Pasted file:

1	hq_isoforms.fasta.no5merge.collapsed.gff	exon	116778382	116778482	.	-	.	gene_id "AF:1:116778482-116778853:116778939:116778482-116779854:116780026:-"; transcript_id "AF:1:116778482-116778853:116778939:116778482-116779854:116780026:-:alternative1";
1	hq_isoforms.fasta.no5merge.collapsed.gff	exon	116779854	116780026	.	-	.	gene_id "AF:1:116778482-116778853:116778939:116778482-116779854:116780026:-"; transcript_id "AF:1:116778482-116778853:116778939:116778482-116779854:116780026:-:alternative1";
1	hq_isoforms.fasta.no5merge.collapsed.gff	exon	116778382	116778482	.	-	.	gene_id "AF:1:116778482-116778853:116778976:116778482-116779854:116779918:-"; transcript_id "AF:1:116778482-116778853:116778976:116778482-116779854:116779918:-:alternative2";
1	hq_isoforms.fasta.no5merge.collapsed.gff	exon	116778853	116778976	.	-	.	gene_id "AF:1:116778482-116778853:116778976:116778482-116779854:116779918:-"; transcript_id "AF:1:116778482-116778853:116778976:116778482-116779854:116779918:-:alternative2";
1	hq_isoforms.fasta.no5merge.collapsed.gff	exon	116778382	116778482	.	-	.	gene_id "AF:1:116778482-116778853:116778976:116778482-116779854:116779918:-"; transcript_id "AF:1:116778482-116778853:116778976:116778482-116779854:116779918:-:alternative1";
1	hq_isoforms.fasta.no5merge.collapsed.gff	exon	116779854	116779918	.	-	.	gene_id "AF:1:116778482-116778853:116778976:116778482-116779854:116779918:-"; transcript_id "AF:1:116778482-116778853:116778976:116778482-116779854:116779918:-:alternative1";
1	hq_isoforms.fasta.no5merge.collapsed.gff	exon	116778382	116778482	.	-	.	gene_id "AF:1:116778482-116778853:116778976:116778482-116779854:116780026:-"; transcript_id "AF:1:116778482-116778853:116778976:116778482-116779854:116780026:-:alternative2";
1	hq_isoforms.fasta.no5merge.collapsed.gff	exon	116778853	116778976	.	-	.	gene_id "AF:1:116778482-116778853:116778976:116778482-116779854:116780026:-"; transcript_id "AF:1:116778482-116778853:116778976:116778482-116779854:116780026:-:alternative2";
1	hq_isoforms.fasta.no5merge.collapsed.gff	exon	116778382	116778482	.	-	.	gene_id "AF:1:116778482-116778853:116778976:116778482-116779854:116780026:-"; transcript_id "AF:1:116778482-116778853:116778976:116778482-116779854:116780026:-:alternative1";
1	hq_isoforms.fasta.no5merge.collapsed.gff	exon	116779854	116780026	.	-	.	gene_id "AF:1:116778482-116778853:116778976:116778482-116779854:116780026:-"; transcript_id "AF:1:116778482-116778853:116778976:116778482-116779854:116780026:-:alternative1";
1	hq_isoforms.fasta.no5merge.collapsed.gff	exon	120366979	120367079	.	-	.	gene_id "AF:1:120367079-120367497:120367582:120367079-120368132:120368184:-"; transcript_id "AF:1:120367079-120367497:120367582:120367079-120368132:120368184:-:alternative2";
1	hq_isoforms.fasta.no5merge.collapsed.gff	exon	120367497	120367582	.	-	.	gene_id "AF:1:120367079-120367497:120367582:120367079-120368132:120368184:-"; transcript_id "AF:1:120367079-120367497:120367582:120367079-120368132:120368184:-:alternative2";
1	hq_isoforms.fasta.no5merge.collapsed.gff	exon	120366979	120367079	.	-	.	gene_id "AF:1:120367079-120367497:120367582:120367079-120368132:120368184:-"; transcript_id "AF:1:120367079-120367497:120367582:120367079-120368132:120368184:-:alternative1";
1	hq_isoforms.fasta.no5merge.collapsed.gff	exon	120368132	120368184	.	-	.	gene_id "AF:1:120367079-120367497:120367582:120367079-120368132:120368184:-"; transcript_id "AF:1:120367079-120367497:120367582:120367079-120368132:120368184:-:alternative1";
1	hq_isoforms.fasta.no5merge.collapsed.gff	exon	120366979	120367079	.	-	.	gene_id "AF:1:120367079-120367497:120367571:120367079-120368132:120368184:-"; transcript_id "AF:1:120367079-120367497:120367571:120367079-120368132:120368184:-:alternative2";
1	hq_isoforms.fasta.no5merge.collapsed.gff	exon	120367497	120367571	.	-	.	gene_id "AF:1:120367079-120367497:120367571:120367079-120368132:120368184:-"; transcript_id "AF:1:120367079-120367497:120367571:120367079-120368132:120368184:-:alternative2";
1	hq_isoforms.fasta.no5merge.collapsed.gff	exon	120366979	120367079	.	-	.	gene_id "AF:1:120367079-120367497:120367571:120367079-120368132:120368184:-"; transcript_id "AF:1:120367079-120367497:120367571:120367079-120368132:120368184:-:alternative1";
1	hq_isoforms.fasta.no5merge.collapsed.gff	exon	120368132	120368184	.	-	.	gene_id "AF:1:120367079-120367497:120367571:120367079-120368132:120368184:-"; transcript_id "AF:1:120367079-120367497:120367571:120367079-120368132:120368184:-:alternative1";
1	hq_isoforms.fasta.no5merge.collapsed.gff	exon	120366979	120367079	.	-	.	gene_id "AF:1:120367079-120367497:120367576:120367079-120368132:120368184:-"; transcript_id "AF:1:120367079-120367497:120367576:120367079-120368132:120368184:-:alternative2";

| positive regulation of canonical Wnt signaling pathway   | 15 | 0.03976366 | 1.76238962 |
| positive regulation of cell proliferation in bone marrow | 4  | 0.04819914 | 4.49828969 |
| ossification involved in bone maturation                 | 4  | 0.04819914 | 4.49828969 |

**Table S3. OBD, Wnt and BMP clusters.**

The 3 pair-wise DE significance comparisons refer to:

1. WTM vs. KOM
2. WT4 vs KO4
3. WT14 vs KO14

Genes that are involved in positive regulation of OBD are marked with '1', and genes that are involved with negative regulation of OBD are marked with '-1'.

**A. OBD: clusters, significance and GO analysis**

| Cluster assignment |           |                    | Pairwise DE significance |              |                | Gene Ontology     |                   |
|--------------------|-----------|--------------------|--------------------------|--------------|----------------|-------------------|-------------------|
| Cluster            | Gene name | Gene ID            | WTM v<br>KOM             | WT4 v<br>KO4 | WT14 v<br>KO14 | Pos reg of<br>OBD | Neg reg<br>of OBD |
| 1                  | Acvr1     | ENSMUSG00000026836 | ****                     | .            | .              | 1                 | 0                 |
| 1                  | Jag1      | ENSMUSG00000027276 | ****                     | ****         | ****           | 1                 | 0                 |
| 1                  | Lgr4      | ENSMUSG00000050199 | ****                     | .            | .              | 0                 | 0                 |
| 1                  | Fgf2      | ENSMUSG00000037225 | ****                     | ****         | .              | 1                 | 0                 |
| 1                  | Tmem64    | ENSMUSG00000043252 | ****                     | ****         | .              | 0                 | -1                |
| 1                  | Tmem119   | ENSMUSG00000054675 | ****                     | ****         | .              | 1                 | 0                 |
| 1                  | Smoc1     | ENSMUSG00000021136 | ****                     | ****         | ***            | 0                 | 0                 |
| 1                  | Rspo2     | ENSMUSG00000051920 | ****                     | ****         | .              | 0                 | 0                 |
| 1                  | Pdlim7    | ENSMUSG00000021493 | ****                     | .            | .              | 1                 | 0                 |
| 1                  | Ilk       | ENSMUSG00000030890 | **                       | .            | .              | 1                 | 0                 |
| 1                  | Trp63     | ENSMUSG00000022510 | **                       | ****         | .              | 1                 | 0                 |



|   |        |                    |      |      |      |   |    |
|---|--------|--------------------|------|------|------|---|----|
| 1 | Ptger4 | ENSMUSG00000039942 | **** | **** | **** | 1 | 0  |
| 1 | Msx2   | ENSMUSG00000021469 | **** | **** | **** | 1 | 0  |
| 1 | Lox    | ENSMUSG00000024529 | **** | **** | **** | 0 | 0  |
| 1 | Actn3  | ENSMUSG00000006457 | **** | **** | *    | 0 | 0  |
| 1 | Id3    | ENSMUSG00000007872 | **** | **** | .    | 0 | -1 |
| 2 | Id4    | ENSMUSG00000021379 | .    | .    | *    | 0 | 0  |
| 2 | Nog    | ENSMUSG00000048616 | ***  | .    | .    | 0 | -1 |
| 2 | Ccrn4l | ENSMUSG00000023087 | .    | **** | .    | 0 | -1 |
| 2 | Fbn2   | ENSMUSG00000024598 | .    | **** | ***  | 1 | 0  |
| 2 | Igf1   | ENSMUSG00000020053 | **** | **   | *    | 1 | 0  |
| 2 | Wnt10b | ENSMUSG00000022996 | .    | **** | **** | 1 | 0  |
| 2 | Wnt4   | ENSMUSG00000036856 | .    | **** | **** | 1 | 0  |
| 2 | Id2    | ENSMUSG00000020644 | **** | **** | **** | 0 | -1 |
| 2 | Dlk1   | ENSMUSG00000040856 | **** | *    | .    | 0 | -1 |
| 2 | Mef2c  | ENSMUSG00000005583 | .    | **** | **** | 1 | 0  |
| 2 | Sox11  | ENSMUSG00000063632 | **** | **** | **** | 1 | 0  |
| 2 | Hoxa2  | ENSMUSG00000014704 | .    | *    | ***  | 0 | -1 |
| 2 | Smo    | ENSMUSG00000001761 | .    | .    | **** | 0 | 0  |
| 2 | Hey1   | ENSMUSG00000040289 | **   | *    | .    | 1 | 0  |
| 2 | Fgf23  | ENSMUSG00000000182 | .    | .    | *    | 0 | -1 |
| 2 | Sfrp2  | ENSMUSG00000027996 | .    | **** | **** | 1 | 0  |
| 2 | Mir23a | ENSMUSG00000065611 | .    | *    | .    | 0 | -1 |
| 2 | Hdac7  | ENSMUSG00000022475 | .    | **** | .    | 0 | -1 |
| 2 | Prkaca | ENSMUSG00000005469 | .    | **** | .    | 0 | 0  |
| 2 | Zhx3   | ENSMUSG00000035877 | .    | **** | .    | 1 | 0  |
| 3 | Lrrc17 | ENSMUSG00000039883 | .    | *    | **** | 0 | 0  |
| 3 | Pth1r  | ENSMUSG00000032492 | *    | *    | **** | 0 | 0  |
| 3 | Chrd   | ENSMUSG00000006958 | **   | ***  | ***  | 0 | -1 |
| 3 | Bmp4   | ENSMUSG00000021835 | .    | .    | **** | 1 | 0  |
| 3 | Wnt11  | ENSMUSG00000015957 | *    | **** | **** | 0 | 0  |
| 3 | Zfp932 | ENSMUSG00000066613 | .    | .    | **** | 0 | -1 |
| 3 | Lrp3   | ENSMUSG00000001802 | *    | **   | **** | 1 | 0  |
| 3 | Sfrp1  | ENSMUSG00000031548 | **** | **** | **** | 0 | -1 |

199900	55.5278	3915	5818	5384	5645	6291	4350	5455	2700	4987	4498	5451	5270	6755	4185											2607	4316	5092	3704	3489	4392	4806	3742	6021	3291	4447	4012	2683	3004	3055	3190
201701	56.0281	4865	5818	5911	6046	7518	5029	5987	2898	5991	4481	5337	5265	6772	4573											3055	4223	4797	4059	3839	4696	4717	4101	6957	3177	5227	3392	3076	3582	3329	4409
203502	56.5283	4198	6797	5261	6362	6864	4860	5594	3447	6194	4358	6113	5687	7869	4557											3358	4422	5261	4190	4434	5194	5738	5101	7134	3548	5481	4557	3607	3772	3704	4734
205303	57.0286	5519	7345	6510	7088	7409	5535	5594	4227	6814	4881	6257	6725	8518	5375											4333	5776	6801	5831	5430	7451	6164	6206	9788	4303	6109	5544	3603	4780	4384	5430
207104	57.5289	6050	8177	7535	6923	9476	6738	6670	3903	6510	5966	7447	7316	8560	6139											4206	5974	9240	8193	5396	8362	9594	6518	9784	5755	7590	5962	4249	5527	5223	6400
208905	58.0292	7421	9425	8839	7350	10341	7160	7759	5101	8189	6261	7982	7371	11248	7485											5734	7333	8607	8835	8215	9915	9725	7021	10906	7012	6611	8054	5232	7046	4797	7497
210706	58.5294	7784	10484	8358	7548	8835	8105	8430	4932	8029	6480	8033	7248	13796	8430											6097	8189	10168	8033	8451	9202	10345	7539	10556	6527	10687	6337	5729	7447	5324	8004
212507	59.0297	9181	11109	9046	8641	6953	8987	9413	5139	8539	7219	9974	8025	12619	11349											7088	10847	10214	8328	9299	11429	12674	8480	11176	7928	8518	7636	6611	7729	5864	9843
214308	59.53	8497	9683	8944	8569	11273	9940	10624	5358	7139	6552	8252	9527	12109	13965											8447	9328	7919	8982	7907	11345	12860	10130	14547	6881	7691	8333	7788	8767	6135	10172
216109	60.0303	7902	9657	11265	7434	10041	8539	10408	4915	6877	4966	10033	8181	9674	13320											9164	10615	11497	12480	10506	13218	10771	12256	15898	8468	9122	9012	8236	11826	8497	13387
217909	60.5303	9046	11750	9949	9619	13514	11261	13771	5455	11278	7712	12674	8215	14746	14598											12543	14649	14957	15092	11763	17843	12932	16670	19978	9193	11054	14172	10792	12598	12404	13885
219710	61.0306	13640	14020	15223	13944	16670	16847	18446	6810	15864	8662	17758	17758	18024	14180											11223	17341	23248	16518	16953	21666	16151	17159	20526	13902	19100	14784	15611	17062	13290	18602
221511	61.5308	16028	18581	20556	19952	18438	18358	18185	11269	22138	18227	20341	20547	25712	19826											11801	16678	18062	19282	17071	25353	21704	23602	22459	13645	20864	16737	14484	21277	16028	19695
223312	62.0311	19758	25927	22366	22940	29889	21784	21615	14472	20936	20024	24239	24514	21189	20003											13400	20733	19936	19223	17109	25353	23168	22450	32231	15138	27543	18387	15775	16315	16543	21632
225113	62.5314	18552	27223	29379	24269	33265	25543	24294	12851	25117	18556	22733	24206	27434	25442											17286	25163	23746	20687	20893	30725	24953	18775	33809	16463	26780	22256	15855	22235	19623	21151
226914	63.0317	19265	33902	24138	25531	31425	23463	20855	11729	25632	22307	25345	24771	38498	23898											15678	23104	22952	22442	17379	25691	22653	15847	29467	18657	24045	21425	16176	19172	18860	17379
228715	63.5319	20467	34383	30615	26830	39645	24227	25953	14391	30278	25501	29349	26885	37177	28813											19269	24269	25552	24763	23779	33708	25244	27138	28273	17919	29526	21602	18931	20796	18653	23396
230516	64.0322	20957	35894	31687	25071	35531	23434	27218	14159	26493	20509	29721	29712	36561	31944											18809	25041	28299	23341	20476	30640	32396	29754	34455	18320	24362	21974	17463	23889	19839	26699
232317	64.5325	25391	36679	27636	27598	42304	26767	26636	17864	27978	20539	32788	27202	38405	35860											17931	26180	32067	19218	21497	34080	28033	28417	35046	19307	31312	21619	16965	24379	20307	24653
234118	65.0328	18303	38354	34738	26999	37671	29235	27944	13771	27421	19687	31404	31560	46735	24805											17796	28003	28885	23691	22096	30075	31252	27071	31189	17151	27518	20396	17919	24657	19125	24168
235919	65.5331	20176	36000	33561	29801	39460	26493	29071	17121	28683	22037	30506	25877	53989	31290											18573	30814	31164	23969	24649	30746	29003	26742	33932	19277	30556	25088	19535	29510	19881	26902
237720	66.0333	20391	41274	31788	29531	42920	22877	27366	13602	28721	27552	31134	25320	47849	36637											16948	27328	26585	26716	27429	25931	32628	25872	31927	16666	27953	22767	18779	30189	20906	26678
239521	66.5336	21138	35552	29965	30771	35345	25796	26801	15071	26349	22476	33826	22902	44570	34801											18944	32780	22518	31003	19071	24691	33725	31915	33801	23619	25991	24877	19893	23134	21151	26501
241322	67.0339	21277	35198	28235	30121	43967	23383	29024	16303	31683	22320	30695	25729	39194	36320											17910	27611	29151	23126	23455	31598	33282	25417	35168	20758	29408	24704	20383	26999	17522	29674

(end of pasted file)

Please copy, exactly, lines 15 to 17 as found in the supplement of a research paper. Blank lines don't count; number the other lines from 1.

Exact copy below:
1	hq_isoforms.fasta.no5merge.collapsed.gff	exon	120366979	120367079	.	-	.	gene_id "AF:1:120367079-120367497:120367571:120367079-120368132:120368184:-"; transcript_id "AF:1:120367079-120367497:120367571:120367079-120368132:120368184:-:alternative2";
1	hq_isoforms.fasta.no5merge.collapsed.gff	exon	120367497	120367571	.	-	.	gene_id "AF:1:120367079-120367497:120367571:120367079-120368132:120368184:-"; transcript_id "AF:1:120367079-120367497:120367571:120367079-120368132:120368184:-:alternative2";
1	hq_isoforms.fasta.no5merge.collapsed.gff	exon	120366979	120367079	.	-	.	gene_id "AF:1:120367079-120367497:120367571:120367079-120368132:120368184:-"; transcript_id "AF:1:120367079-120367497:120367571:120367079-120368132:120368184:-:alternative1";